It’s time for a new Doctor.
Lots of people are speculating about who the next Doctor will be, but before we can get to that, I think we need to talk about what we’re letting go of and what direction that character is pointing us.
Matt Smith was a great incarnation who had to come in at the end of the brilliant run of the most beloved Doctor ever.
He played a wonderful Doctor from the very first moment, combining Tennant’s frenetic zaniness with a child-like enthusiasm all his own. It worked. It doesn’t anymore. Let’s look at why.
3. He’s Outlived the Character
Steven Moffat did something very specific when he took over as head writer for Doctor Who: He chose to create a Doctor who felt, in a lot of ways, brand new. Part of the fun of new incarnations is letting them test out their new bodies and personalities. David Tennant spent 15 minutes realizing he was rude, in love with Rose and not a ginger.
Matt Smith’s Doctor, however, took this quirk to a whole new level. His incarnation has been quite literally taken by surprise by every emotion, sensation, interaction and taste he’s experienced. One of his first scenes involves him trying to figure out what food he enjoys and realizing he hates everything. Smith’s Doctor is a wonderful juxtaposition. He has the hard facts and knowledge of a 900 year-old time god, but when it comes to experiencing sensations, he’s brand new.
It was wonderful to watch this at first. Witnessing his discomfort concerning physical intimacy was hilarious and watching him quiver with excitement when a new emotion hit him brought a freshness to the role that hadn’t been there before. He was still old and tired and sad, but at the same time he was young and excited and new.
But it’s been awhile now.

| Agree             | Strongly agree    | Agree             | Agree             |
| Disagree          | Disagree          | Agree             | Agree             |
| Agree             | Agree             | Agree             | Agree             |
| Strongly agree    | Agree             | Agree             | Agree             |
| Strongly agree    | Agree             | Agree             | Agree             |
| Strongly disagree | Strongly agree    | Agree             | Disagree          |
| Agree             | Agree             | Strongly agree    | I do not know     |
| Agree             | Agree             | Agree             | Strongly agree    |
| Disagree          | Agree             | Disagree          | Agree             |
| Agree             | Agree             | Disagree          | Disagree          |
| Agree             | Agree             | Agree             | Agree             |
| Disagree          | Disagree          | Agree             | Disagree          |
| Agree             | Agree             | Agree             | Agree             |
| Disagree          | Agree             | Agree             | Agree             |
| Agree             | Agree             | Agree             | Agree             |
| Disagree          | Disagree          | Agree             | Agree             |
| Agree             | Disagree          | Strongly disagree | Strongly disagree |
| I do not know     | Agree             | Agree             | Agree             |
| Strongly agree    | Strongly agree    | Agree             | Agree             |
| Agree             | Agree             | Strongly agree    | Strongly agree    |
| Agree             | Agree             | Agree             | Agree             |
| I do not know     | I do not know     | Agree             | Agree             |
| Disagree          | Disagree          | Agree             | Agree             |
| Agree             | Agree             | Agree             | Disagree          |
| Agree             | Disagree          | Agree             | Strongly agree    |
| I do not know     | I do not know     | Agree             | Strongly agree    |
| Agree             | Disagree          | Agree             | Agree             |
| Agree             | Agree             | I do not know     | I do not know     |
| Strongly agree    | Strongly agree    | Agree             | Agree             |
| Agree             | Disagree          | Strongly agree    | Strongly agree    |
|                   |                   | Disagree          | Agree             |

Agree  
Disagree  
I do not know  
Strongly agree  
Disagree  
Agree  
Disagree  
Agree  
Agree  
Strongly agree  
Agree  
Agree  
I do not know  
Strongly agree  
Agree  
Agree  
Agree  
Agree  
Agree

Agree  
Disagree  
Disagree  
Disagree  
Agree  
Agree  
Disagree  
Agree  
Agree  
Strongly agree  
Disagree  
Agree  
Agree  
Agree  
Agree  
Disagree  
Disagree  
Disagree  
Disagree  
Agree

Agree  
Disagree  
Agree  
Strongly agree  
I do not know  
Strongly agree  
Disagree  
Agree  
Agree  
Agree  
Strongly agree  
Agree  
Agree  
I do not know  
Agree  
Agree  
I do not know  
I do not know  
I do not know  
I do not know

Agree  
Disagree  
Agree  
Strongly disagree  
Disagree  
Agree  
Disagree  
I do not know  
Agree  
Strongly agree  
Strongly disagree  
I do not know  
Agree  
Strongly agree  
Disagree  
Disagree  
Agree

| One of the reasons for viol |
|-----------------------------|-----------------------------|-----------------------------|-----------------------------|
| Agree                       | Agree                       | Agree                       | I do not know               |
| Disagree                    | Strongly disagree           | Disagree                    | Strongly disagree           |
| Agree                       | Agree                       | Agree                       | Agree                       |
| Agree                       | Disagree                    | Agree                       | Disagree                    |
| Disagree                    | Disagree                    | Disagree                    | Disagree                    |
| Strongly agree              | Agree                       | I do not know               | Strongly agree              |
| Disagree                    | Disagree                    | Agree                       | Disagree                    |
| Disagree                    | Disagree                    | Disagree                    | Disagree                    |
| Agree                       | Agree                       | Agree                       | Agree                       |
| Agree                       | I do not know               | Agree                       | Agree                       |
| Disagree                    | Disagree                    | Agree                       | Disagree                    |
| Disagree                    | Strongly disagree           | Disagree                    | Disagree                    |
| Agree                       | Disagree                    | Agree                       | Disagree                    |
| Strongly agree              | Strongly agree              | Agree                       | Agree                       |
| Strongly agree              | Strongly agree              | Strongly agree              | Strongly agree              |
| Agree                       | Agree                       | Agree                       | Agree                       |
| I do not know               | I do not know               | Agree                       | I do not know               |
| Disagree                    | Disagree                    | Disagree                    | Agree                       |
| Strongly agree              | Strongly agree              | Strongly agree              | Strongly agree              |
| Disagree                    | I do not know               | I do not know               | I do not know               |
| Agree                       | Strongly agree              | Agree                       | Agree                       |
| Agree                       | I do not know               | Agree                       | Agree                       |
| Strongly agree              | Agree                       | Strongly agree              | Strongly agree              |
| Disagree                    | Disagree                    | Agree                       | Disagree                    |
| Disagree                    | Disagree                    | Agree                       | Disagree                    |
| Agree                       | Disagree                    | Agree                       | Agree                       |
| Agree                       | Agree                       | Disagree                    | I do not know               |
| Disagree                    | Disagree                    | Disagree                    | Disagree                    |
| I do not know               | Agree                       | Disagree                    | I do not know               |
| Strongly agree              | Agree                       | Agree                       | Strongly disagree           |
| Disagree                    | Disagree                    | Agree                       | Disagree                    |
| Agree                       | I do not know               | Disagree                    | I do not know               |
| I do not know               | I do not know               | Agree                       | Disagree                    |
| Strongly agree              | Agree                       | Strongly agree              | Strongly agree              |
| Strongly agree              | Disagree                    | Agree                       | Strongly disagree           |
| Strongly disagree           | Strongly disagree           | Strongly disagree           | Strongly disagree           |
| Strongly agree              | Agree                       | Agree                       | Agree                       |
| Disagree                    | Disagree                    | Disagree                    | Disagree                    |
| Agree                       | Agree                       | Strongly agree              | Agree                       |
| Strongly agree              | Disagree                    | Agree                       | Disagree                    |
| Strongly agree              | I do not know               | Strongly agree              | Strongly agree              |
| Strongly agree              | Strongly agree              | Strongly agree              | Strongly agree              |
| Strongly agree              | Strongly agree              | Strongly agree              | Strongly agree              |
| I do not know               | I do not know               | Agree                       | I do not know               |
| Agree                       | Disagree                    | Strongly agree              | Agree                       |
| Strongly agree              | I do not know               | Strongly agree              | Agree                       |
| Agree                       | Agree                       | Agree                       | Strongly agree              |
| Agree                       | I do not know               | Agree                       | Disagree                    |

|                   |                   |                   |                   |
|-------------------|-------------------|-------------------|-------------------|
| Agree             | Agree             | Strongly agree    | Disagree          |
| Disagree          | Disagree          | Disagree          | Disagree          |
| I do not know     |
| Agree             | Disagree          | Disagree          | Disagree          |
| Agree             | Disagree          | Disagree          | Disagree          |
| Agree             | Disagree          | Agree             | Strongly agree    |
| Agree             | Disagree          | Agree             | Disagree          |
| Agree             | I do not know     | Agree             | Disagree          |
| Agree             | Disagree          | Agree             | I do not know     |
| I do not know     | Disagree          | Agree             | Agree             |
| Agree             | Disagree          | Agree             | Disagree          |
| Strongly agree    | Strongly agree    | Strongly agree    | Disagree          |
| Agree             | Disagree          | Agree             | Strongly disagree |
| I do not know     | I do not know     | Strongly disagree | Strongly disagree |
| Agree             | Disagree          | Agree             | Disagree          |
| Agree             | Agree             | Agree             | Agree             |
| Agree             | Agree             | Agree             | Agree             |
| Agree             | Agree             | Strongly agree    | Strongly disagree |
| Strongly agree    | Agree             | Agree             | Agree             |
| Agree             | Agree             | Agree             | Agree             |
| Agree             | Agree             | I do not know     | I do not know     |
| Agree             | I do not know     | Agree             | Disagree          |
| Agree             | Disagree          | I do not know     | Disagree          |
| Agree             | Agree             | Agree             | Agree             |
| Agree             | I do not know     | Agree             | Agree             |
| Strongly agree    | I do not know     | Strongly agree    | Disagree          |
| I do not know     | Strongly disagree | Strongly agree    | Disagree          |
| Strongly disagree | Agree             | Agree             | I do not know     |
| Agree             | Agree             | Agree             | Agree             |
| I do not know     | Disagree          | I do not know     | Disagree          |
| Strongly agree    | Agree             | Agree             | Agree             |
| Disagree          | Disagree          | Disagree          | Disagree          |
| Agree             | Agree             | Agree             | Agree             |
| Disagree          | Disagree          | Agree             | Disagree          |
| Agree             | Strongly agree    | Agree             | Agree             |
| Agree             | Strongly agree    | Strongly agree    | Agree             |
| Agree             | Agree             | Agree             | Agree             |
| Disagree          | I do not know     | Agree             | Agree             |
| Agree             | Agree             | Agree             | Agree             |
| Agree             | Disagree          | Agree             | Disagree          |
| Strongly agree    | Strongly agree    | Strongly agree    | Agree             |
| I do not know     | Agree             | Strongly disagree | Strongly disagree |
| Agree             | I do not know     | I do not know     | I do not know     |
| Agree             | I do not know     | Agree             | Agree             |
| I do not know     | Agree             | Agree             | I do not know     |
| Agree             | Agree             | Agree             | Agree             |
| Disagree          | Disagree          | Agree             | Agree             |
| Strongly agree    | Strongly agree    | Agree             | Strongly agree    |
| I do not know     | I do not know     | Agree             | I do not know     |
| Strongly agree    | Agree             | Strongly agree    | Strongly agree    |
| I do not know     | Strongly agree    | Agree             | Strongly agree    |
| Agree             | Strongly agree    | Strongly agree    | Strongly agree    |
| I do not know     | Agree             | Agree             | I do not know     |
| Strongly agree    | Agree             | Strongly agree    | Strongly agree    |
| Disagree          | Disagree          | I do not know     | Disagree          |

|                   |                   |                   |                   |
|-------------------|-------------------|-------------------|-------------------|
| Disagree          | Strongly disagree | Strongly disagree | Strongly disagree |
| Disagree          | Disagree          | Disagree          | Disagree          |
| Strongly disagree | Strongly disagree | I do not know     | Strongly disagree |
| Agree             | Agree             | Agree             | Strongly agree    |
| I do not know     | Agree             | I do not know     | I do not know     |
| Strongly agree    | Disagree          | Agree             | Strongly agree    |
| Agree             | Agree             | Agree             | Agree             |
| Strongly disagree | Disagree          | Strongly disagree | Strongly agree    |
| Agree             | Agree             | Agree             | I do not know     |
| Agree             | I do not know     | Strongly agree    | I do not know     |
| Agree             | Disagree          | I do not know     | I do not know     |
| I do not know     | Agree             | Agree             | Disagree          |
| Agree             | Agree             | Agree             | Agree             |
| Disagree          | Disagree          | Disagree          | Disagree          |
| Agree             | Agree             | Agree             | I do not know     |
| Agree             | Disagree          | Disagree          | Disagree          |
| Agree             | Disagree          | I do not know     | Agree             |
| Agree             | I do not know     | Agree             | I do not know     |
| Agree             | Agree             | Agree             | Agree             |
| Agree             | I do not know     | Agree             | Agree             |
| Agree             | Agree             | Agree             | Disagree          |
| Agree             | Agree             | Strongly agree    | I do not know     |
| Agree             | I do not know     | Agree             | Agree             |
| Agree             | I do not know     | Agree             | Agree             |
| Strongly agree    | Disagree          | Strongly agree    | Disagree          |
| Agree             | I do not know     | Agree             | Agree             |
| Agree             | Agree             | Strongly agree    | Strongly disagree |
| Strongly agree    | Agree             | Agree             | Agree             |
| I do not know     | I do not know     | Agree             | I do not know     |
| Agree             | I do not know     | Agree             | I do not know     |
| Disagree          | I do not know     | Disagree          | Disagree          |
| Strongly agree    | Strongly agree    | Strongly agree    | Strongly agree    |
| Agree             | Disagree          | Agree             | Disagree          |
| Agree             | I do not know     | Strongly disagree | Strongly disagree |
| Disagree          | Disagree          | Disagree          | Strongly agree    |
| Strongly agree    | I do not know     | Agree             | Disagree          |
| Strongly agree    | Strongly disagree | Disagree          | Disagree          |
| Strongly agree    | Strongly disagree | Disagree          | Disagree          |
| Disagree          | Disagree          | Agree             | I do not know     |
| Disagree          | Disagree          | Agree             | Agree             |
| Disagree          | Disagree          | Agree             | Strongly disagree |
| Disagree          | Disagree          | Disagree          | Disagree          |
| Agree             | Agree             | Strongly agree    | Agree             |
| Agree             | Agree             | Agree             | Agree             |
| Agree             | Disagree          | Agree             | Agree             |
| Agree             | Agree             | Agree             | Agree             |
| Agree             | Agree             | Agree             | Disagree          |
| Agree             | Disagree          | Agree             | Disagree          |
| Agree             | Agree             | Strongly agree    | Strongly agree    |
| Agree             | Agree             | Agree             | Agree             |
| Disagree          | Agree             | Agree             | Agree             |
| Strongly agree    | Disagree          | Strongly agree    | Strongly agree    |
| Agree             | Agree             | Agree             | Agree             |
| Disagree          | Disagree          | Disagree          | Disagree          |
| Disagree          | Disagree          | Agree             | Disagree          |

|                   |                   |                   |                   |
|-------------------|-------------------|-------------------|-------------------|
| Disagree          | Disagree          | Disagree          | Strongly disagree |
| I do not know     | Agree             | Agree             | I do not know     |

I have no idea how much time actually passed in seasons 6 and 7 for Matt Smith’s Doctor. He spent a lot of time alone, and purports himself to be around 1100 these days. So the thing is, with all that time spent, it no longer makes sense for him to be excitable and surprised by life.
That brings us to…
2. He’s Out of Things to Do
I’ve mentioned previously that Moffat’s Whoniverse is problematically clever. He’s ambitious in his story arcs and enjoys twists that don’t always pan out. When he started, he balanced that with emotional relationships, though. The Doctor and Amy’s initial meeting sparked a powerful bond based on their similar emotional maturity levels.She grew up and he didn’t, and that made for an interesting relationship. Rather than being the ageless god, he was Peter Pan, who would remain exactly the same and flit off to have adventures and never hold down a single responsibility. Amy, like Wendy, chose to stay behind and have a real, full, human life. That was an interesting dynamic.
On top of that you had the fantastic Mrs. Robinson dance going with River Song, which just recently reached its natural conclusion. We finally saw the Doctor take charge in the relationship. He kissed the crap out of his wife when it wasn’t to save the world, turn back time or any other such bullshit.
Matt Smith’s Doctor is all grown up and has nothing left to do. His wife is dead, he’s finally reached sexual maturity, and his daughter/companion is gone forever. A Doctor in limbo is no Doctor at all, and Moffat knew that when he wrote the most recent Christmas Special. The Doctor was up in the clouds, waiting to become interesting again.
Which leads me to my final point…
1. There’s No Fucking Point to Clara
Tell me one thing about Clara that doesn’t involve the Doctor.
I liked Clara when we first met her as the brilliant captive on the Dalek prison world. She was smarter and more knowledgeable than the Doctor and I was so ready for that. I wanted to see him have to try to keep up with someone. By the time we got to her modern incarnation, though, there was nothing really special about her. She’s just…good. She’s a good person who saves the Doctor’s life all the time but who has no extraordinary experiences, skills or quirks. What is there about her that makes her unique?
I hate Amy, but Amy at least had character traits. She had a past that was all fucked up because of the Doctor, a tough exterior, a bratty sense of self-entitlement and relationships outside of the TARDIS. Clara takes care of children with no personalities and has a dead mother. THAT IS ALL I KNOW.
Matt Smith cannot remain the Doctor if his companion is just an intellectual curiosity. His Doctor is needy and requires attention and an audience and someone who loves him. Ideally, his character would seek out another child and try to remedy the mistakes he’d made by actually acting as a parent and failing hilariously. I personally would like to see him take on a commanding professional who is either military or technically-minded. Those would bring out interesting things. But if the best we can get from his story line now is a (sexy) mysterious person puzzle, then it’s time for someone new.